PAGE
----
Tips & Tricks: Wave Solder Bridging


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Wave solder bridging is the most difficult defect to troubleshoot because it has a number of potential causes. The key is to understand the role of flux during wave contact—reducing the surface tension of the solder to reduce the tendency to bridge between pins as the board leaves the wave. Bridging occurs when the flux has been chemically depleted before exiting the wave. This can be a function of the flux and process.

With respect to flux, in general, fluxes with higher activity levels are more resistant to bridging. This means that no-clean fluxes can be more likely to result in bridging, especially with older formulations. Newer flux formulations are available that have higher levels of performance while still meeting the requirements of no-clean classification.

Regarding the process, the flux loading and total thermal input to the board are key factors. An inadequate amount of flux can result in flux exhaustion before wave exit. Excessively high thermal inputs can also lead to bridging with three factors to measure. Preheat temperature is the first, contact time on the wave is the second, and solder pot temperature is the third. The optimal values for each should be available on the data sheet for any flux, and they will be different for every flux formulation.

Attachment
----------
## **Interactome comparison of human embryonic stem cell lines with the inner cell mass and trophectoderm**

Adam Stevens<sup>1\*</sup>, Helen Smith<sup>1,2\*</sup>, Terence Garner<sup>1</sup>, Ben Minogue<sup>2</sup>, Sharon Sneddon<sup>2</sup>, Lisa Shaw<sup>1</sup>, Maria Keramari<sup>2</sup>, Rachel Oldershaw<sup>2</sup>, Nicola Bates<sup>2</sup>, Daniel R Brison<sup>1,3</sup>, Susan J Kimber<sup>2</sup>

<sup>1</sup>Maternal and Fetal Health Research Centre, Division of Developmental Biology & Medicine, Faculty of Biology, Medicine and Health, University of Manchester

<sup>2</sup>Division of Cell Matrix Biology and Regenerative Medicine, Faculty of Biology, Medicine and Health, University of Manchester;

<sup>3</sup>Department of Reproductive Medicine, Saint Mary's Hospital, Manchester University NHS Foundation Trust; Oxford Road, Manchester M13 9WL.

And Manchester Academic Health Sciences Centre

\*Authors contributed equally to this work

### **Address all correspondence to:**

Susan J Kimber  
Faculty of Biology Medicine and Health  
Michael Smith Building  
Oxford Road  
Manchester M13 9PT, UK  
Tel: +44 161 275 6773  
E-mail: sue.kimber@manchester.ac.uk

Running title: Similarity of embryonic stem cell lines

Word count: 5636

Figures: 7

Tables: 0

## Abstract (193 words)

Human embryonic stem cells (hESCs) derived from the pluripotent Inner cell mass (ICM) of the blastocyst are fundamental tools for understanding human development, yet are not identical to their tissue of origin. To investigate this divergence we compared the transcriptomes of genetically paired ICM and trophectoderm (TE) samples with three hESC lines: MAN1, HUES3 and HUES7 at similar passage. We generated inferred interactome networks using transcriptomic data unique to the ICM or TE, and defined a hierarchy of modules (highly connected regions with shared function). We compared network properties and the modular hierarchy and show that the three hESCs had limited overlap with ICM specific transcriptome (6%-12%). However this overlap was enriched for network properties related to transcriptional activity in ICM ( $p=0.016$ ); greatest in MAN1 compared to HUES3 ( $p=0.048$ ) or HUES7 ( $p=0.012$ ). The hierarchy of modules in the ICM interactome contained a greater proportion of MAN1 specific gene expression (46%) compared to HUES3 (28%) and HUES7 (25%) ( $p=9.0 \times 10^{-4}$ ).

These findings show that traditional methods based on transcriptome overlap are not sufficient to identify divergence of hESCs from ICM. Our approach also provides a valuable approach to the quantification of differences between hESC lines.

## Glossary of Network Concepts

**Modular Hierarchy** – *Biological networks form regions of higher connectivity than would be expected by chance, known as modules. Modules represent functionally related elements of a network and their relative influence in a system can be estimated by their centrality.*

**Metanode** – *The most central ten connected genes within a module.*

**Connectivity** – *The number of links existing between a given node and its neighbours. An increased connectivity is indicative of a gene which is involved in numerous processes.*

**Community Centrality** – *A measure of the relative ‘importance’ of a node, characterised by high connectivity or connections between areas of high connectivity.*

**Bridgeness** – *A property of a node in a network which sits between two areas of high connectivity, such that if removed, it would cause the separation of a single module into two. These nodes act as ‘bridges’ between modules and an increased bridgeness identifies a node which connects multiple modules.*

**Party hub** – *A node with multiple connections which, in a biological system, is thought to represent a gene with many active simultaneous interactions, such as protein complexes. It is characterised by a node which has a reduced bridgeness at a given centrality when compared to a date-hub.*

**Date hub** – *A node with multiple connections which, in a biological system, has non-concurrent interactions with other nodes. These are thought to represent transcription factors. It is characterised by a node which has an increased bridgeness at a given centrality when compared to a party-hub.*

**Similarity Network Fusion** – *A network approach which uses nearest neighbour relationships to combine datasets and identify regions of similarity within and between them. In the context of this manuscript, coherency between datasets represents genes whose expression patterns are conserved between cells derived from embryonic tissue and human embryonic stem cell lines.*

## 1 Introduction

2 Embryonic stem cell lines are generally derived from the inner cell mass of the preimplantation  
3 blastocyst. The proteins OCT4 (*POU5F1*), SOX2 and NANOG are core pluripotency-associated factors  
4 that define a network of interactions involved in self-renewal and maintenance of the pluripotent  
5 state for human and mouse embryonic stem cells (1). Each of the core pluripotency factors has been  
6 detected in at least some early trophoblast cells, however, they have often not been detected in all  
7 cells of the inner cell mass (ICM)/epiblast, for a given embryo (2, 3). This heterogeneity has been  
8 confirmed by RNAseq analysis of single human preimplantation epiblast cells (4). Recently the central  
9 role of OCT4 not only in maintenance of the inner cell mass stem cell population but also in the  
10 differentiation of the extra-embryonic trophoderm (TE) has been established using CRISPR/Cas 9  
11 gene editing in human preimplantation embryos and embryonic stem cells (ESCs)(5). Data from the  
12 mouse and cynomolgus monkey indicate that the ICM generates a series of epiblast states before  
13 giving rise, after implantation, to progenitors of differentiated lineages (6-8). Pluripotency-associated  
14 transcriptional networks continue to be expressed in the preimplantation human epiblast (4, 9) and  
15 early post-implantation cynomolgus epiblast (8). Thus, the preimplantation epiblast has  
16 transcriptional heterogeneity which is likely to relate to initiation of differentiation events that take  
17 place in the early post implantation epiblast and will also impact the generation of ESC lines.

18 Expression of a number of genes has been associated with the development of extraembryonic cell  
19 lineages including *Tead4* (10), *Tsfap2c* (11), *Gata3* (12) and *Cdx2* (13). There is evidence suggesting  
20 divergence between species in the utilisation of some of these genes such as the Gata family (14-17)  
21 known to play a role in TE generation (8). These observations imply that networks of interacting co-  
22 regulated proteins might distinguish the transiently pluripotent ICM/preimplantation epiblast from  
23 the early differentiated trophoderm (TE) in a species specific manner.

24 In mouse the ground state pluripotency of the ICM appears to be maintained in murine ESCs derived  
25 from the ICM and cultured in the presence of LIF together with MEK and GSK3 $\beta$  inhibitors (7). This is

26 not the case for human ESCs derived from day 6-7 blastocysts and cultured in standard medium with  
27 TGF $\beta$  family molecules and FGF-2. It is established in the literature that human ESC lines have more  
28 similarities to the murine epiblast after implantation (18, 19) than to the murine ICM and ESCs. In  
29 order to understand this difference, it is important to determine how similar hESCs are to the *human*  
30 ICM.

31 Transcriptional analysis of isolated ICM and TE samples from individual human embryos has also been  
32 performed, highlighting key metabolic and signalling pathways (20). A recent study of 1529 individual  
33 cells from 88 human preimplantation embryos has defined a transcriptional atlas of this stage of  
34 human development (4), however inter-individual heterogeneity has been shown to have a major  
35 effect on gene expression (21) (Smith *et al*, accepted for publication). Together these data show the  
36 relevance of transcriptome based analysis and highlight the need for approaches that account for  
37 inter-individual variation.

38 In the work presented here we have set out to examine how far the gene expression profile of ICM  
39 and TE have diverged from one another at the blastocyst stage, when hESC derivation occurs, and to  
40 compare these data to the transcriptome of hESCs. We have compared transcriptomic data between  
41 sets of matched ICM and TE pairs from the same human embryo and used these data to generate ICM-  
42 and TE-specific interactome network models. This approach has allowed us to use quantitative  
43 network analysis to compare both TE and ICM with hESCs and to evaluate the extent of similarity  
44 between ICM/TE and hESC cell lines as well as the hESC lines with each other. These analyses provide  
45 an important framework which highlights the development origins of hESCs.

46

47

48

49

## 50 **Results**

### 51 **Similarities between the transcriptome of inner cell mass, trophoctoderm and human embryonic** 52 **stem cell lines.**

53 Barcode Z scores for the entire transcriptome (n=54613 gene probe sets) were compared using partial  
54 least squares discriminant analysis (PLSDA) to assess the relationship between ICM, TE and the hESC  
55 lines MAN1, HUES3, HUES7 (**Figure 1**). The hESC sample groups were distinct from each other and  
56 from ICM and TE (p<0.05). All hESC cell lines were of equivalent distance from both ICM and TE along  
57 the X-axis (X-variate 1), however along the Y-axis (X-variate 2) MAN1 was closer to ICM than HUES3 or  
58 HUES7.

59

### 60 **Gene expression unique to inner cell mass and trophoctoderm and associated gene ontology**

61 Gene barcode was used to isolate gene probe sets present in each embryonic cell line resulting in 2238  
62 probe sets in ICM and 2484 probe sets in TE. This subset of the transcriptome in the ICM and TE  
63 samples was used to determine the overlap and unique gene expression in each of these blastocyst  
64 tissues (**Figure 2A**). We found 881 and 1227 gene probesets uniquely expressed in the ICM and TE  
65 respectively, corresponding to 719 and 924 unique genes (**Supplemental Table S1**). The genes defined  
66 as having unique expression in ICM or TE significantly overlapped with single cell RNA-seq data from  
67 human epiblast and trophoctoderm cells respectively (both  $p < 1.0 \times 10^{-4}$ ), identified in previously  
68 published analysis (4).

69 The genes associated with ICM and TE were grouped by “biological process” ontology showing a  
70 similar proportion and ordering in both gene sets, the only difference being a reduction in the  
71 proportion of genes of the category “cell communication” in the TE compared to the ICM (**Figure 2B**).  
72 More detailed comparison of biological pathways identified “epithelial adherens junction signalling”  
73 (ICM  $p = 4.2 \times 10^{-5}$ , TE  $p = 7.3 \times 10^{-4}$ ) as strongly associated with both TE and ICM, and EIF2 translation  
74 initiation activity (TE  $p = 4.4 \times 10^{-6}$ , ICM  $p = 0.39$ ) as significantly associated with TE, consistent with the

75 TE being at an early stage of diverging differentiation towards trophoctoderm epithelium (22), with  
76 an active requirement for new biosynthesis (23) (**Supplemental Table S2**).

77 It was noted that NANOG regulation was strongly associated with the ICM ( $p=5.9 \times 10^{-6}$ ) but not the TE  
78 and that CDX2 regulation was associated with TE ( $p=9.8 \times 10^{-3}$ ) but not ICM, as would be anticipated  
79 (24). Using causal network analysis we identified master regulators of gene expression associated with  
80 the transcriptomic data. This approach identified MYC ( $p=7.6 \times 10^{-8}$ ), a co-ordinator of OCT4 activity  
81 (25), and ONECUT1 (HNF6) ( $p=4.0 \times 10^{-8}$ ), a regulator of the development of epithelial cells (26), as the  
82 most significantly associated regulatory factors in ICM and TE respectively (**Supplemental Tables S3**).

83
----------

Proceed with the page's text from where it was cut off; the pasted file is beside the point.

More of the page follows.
There are other reasons outside of flux and process that can lead to bridging. The design of masking pallets can cause bridging if there is inadequate clearance around the devices. The PCB layout can also cause bridging if rows of leads are unable to be processed through the wave in the proper orientation (orthogonally and not parallel to the wave). These factors may not be able to be overcome through process optimizations or flux selection.

Jason Fullerton is the customer technical support engineer at the Assembly Division of MacDermid Alpha Electronics Solutions.

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